Islamic Pottery: Lusterware

The expression "Islamic art" is a term used to describe visual arts, created by Muslim and non-Muslim artists after the 7th century, who lived in the regions occupied by Muslims and cultures of Islam. Examples of Islamic art can be seen in forms such as architecture, architectural decoration, ceramic art, lusterware, faience mosaics, relief sculpture, wood and ivory carving, friezes, drawing, painting, calligraphy, book-gilding, manuscript illumination, lacquer-painted bookbinding, textile design, metalworking, goldsmithing, and gemstone carving. Historically, Islamic art has developed from a variety of different sources and influences from Ancient Greek and Chinese traditions combined with the Middle Eastern cultures of Egypt, Byzantium, and ancient Persia.

A distinct Islam inspired style in ceramics was not definitely established until the 9th century in Iraq, then further developed in Turkey, Syria and Iran. One of the first and great innovations of early Muslim potters was lustre painting. Lusterware grew out of an existing ceramic technology in Iraq, but its earliest form was clearly influenced by Tang dynasty potters from China, probably through the vast trade network called the Silk Road.

The origins of the lusterware technique are undecided. Some say it derived from Egypt, where it was used to decorate glass during the first two centuries of Islam, and influenced the work of local potters in the 9th century. Information on earlier periods is very incomplete due to the lack of surviving archaeological samples in good condition. What is known for certain is that the potters who centred around the Abbasid court in Baghdad created lusterware that was exported to all corners of the Islamic domain. Also, calligraphic decorations first began to appear on pottery during this period. The invention of lusterware technique was unique to Baghdad potters and ceramicists.

Lusterware is a ceramic decorative technique using mainly white tin-glaze and then painting on the surface of the glaze with a metallic pigment or lustre. The process involves using a lead-based glaze and silver and copper paint to create a golden shine on a pot that contains no gold. Lusterware is a type of pottery or porcelain that has a shimmering metallic glaze.

The method involved the use of sulphur compounded with metallic oxides then mixed with an earthy material such as red or yellow ochre. This mixture was used to decorate the surface of a glazed pottery object already fired once. The vessel was then lightly fired for a second time in a reducing kiln, with little air, much smoke and no clear flame. When the surface residue from the firing was rubbed away, the metallic elements remained on the surface of the glaze in a glittering film not noticeable to the touch.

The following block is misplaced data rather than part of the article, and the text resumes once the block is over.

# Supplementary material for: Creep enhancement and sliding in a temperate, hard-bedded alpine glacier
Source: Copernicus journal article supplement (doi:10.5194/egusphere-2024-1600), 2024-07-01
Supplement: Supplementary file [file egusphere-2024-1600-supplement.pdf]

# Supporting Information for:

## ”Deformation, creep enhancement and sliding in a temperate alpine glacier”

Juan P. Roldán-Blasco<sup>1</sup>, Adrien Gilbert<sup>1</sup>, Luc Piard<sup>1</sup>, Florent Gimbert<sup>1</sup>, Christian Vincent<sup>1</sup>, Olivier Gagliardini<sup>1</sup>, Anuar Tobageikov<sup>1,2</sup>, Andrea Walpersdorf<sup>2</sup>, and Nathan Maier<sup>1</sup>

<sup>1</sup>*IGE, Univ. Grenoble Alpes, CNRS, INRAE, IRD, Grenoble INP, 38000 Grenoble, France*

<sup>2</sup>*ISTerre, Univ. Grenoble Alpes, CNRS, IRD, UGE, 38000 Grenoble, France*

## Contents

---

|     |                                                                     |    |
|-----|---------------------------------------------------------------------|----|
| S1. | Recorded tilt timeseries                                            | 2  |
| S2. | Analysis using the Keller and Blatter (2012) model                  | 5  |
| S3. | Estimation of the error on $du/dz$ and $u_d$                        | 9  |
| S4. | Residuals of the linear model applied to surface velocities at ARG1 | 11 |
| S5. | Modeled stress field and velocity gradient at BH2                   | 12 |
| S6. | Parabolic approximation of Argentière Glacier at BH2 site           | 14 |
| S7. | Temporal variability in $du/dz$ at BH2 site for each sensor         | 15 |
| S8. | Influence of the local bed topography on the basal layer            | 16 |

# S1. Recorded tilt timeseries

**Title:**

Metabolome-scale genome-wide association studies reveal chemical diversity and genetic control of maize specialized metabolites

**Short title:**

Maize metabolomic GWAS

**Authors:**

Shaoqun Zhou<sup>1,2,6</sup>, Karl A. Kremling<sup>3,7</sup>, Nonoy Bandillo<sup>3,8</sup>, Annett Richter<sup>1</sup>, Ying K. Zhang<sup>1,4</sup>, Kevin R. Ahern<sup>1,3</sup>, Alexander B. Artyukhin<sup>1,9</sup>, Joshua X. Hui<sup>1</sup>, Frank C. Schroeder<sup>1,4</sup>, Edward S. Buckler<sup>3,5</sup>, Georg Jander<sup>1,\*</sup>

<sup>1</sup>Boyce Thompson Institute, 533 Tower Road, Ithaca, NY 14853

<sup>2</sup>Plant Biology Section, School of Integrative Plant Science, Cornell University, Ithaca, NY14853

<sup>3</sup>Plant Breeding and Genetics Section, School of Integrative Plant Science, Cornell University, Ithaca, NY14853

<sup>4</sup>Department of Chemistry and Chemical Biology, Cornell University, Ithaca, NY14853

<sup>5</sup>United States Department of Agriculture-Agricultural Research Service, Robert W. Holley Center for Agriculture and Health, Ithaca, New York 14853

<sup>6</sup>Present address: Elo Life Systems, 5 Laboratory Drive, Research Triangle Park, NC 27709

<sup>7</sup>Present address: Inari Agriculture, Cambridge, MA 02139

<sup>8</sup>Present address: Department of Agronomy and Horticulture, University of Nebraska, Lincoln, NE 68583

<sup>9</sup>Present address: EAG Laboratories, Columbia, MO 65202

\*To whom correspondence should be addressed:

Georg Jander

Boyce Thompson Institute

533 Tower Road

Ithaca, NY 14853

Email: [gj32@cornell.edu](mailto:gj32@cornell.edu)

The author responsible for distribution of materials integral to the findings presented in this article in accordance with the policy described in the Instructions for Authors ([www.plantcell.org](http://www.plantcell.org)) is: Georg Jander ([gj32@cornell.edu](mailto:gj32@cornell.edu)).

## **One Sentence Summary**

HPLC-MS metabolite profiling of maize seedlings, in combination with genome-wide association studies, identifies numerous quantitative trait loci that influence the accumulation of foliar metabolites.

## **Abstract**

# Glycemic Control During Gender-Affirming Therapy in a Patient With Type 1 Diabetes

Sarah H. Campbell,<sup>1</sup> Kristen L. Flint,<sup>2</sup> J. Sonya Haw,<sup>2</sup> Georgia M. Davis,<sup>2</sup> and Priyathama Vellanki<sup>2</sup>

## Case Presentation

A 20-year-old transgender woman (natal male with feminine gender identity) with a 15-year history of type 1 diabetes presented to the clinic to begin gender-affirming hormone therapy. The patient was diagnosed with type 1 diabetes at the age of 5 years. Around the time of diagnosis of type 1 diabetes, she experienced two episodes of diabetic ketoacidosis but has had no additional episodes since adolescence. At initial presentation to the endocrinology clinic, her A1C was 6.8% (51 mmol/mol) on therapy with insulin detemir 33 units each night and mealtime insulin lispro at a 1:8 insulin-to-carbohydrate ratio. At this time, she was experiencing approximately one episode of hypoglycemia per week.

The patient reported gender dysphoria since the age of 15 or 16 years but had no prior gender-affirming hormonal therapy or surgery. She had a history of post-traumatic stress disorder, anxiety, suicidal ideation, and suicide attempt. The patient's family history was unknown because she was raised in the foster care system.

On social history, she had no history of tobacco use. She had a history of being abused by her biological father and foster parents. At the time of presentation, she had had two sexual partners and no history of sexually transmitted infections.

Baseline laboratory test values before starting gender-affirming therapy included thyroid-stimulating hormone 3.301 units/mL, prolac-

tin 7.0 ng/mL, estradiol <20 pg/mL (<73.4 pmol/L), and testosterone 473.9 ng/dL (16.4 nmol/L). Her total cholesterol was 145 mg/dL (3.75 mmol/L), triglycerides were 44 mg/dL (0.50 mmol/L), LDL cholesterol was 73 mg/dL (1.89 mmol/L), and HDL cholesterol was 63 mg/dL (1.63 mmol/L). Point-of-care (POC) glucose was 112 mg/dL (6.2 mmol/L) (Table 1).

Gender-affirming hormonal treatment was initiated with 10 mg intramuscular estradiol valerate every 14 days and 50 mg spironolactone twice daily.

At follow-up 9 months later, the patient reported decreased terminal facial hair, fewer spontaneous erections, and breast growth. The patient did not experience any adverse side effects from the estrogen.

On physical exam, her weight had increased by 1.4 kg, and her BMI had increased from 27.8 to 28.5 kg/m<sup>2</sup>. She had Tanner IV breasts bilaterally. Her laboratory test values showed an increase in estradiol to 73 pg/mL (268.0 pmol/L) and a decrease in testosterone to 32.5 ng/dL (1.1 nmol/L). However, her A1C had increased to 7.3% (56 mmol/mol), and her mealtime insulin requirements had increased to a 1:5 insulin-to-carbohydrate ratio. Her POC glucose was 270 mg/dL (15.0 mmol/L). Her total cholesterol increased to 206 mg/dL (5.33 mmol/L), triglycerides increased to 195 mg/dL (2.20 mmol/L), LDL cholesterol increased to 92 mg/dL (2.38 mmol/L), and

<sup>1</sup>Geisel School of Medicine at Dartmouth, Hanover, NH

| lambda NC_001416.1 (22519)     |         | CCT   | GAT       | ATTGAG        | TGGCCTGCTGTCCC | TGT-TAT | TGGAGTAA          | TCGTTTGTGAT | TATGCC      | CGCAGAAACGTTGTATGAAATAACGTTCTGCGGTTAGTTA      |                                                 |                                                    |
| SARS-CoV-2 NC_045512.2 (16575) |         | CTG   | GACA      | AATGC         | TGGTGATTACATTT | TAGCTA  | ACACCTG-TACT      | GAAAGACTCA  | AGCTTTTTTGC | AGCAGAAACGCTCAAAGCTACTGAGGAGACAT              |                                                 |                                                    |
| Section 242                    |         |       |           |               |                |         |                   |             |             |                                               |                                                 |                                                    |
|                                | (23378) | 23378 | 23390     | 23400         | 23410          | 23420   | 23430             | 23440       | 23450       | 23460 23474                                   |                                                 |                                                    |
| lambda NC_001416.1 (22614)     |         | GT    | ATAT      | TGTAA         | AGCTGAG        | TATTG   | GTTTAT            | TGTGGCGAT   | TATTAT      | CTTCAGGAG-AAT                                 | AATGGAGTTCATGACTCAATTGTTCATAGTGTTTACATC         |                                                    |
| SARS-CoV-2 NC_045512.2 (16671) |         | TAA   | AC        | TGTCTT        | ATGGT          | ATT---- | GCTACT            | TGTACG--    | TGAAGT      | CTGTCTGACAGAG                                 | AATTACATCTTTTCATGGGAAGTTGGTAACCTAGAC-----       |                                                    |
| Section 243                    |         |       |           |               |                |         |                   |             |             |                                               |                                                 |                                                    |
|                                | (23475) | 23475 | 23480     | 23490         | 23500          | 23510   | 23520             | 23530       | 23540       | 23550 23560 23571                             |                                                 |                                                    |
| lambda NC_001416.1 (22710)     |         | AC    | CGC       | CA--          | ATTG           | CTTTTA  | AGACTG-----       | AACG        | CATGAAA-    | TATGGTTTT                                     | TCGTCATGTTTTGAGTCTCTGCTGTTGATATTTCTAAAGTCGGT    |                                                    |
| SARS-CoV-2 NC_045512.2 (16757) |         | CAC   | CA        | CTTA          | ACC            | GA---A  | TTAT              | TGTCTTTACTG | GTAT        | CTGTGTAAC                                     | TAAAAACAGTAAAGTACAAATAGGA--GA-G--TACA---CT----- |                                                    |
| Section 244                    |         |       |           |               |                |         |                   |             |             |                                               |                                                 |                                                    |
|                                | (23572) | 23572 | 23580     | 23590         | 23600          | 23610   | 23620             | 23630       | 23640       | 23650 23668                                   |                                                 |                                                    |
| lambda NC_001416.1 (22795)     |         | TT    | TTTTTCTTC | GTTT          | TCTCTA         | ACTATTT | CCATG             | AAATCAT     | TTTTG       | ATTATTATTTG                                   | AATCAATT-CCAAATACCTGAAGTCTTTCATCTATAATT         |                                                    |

Recent research on Lusterware tells us that golden metallic shine occurred when there are dense nanoparticulated layers of tin glaze, several hundred manometers thick, which enhance and broaden the reflectivity of the pigment. In other words, the glaze helps in shifting the colour of the reflected light from blue to green-yellow which is called a redshift.

These shifts are only achieved with a high lead content, which potters consciously increased over time from Abassid (9th-10th centuries) to Fatimid (11th-12th centuries) luster productions. The addition of lead reduces the diffusivity of copper and silver in the glazes and helps the develoment of thinner luster layers with a high volume of nanoparticles. Although the Islamic potters of that time may not have known about nanoparticles, they had tight control of their processes, refining their experimentation by tweaking the recipe and production steps to achieve the best reflecting golden shine.

Wherever Lusterware originated, the technique was valued by many generations of Islamic potters. The Abbasid artisans used it to make simple earthenware sparkle like yellow gold, and highlight to with lustre details in their designs that where often painted in blue, green or purple.

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